• (1) The Roxolani were a Sarmatian tribe residing west of the southern Russian area and the river Don in the Ukrainian steppe area between the 6th century BC and the 4th century AD.
  • (2) The Siraces were neighbors and later enemies of the Aorsi. They migrated from the Caspian Sea to the Black Sea. In the late 4th century BC, they inhabited areas between the Caucasus Mountains and the Kuban region, i.e. the Don river. They were the first Sarmatian tribe to cultivate contacts with Hellenic groups at the Black Sea coast.
  • (3) The Aorsi were the largest tribe in a confederation of Sarmatians.
  • (4) The Ordos plateau is a steppe and desert landscape in the autonomous territory of Inner Mongolia in the north of the People’s Republic of China. The region used to be known also as He-tao, later He-nan (“The country south of the river”). The high plain has an average level of 1200 meters above sea level.

  • Hsiung-nu - Xiongnu: 3rd century BC until 4th century AD
  • Huns - 4th century to 6th century after Christ

    - more information on the tribes see “History of the Equestrian Nomads

Most of this information is found in the works of Herodotus (484 to 430/424 BC), Hippocrates (460 to 377 BC), Diodorus Siculus (90 to 21 BC) and Strabo (64/63 BC to 23/24 AD).

These tribes were typical nomads with tents who traveled with wagons all year, taking their animal herds of sheep and horses from pasture to pasture within these steppes. The names of these early Iron Age nomads are found in said ancient Greek tales. “
Sauromatian” and “Sarmatian” were collective designations for these independent peoples with similar cultural features of being nomads. They had similar political systems and almost identical burial rituals. Greek and Roman authors mention the Yaziks, the Roxolani, the Siraces, the Aorsi and the Alans as independent Sarmatian tribes. The terms “Sauromatian” and “Sarmatian" civilization have prevailed in archaeological terminology.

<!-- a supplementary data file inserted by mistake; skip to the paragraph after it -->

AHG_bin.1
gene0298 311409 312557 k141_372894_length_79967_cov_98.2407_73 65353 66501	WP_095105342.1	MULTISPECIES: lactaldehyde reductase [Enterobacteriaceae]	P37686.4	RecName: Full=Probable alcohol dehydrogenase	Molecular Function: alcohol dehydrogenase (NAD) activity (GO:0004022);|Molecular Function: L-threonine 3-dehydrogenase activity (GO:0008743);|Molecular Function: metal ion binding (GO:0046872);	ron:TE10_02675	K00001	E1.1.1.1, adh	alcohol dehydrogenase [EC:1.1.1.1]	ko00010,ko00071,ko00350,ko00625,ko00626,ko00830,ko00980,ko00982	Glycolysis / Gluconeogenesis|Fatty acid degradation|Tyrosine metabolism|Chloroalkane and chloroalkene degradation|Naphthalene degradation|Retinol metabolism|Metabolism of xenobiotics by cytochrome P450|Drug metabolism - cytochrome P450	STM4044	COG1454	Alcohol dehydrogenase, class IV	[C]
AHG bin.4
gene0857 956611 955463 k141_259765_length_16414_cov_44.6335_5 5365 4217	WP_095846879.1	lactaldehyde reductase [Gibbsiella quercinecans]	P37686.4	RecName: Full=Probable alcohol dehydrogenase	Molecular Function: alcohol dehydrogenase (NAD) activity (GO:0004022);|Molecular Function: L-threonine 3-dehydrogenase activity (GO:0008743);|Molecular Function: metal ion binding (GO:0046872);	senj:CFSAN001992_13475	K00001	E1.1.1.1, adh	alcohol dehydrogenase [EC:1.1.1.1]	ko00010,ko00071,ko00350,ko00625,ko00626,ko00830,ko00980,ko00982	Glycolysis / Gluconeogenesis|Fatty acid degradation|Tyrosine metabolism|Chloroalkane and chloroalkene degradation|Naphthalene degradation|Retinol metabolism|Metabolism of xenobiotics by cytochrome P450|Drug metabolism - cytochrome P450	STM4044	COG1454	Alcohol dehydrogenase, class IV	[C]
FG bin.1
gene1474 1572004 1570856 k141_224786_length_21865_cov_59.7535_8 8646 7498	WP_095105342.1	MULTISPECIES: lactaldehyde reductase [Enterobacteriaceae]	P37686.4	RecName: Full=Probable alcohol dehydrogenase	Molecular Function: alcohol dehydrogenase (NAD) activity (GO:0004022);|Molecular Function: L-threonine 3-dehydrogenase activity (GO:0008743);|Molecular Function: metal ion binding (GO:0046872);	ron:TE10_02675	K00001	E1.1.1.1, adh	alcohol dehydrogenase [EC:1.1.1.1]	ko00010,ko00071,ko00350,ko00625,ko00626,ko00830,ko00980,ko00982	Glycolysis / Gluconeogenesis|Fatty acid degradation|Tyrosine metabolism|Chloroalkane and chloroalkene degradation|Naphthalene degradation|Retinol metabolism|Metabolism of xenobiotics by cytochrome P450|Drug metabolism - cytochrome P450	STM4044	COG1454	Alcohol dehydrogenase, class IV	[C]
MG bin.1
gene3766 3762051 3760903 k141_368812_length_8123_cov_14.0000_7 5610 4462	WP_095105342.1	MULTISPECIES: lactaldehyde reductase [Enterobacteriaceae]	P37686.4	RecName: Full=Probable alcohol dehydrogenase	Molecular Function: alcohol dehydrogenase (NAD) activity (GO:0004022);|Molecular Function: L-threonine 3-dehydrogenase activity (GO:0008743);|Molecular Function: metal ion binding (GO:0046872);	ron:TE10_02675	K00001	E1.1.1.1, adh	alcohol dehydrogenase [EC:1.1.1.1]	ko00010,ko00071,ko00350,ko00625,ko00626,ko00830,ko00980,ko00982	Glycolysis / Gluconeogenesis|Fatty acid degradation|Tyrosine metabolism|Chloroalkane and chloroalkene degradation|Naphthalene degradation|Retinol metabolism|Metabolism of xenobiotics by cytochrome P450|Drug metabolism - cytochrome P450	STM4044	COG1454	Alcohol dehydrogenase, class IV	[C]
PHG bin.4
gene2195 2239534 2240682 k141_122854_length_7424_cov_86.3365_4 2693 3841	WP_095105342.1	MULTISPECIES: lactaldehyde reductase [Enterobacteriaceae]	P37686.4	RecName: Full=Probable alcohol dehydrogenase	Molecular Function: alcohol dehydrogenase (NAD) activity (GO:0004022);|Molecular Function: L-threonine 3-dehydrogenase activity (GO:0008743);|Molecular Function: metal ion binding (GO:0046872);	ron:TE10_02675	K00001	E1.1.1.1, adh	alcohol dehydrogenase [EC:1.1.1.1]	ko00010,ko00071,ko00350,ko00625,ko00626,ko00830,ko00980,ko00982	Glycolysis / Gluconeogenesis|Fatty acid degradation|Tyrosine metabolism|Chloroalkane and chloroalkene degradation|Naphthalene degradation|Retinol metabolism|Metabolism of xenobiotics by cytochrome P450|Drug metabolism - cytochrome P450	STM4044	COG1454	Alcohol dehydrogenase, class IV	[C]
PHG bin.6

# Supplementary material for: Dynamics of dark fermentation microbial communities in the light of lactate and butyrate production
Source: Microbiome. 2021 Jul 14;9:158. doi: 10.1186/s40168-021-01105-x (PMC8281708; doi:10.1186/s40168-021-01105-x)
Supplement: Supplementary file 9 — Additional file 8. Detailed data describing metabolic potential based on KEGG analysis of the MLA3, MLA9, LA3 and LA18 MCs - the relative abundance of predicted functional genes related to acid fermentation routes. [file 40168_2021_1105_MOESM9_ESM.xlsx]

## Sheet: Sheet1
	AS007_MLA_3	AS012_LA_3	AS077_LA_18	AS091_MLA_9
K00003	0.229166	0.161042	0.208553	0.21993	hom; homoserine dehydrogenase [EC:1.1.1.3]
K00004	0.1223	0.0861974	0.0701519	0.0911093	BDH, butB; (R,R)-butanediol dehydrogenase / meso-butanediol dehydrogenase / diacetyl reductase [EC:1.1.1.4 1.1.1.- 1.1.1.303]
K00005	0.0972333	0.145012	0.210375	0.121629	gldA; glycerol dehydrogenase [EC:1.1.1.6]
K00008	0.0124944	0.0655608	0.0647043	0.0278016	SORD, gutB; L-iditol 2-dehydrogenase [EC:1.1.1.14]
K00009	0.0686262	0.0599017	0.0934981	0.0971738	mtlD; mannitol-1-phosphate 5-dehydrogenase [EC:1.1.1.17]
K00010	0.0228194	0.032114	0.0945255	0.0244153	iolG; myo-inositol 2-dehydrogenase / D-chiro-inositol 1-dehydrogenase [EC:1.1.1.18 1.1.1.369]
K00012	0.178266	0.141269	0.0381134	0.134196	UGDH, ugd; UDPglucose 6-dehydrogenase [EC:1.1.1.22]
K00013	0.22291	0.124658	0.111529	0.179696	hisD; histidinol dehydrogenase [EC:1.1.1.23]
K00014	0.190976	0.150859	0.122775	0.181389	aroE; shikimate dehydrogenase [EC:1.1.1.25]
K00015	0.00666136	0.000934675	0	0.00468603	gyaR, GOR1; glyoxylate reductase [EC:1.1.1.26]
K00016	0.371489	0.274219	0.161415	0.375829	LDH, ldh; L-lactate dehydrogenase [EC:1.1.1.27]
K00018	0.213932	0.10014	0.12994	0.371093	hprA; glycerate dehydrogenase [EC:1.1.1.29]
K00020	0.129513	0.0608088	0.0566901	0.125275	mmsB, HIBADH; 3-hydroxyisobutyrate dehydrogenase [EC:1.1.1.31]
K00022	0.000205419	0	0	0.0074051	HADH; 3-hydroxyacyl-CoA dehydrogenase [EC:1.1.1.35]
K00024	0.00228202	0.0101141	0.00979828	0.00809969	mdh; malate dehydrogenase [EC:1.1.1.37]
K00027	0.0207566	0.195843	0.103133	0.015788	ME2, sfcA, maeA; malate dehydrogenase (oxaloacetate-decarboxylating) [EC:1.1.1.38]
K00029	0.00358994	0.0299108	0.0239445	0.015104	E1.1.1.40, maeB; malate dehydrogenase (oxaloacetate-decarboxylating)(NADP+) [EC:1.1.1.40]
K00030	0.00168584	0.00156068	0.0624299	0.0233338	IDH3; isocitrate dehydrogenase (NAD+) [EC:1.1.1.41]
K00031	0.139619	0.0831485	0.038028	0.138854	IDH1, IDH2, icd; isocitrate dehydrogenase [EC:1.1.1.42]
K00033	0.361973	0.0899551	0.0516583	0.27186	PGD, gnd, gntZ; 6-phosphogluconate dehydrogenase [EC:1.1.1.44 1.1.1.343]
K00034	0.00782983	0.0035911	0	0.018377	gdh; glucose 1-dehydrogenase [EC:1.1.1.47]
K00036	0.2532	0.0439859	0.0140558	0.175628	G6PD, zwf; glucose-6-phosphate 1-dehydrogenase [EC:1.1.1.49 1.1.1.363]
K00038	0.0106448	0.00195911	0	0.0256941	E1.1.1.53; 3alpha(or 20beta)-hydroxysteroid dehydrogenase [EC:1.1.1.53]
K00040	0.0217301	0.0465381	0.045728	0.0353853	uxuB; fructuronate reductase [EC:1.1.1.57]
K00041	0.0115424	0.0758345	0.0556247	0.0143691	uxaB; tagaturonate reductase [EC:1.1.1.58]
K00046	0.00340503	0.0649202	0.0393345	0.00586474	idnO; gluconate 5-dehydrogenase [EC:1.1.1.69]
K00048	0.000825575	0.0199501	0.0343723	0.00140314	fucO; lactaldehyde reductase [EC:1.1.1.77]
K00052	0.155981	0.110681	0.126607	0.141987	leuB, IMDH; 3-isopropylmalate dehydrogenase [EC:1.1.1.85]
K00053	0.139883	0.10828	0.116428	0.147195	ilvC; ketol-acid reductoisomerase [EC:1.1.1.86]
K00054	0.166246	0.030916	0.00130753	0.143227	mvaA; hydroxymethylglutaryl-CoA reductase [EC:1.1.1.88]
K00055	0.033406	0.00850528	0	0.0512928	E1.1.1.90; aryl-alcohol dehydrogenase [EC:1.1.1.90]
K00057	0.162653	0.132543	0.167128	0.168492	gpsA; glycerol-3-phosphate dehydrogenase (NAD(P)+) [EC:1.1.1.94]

Herodotus and Darius describe initial invasions into the northern Black Sea region during the Scythian-Persian wars around 512 BC. Herodotus mentions a Sauromatian people living east of river Don and a Scythian population who dwelled west of the Don. Discoveries in Sauromatian kurgans dating back to about 600 BC confirm Herodotus’s statements.
  • Scythians (Saka – Sauromatae – Massagetae): 8th to 3rd centuries BC
  • Sarmatians – Sauromatae: 6th century BC to 4th century AD

    - more information on the tribes see “History of the Equestrian Nomads

Cultic sites from the 4th through 2nd centuries BC were discovered in the Aral-Caspian region in what is today Kazakhstan. Analyses of such sacred sites reveal that they constitute a unique complex of this kind in the entire Eurasian steppe area. Nothing of the like has been found before. These sites share similarities with anthropomorphic statues in stone, stone statues and offering places with the main feature of a round cultic building, and they also share parallels with Zoroastric Dakhma buildings (Tower of Silence with skeletons), although no human bones or burials were found here at all. It is assumed that these sculptures represent dead ancestors (see Sculptures). The discovery of large monolithic altars, known as “offering tables”, suggests that they might have been connected with a cult including fire and liquids. Tamgas (1) were found on several sculptures, they can be attributed to the Sarmatians and the Massagetae (the Massagetae were a northern Iranian horse people). Finds have revealed that nomadic and semi-nomadic tribes have passed this steppe corridor with herds for several millennia. The rocky and sandy deserts between the Caspian Sea and the Aral Lake, on the other hand, remain a blank spot on the archaeological map. Said corridor was of great importance because of its strategic position; it contained the shortest and most direct paths from the north to the Volga, the Ural and northern Kazakhstan, and farther south to the fertile oases of Khawrezm and Bactria-Margiana. In addition, these deserts were also connected to the Iranian and Afghan plateaus.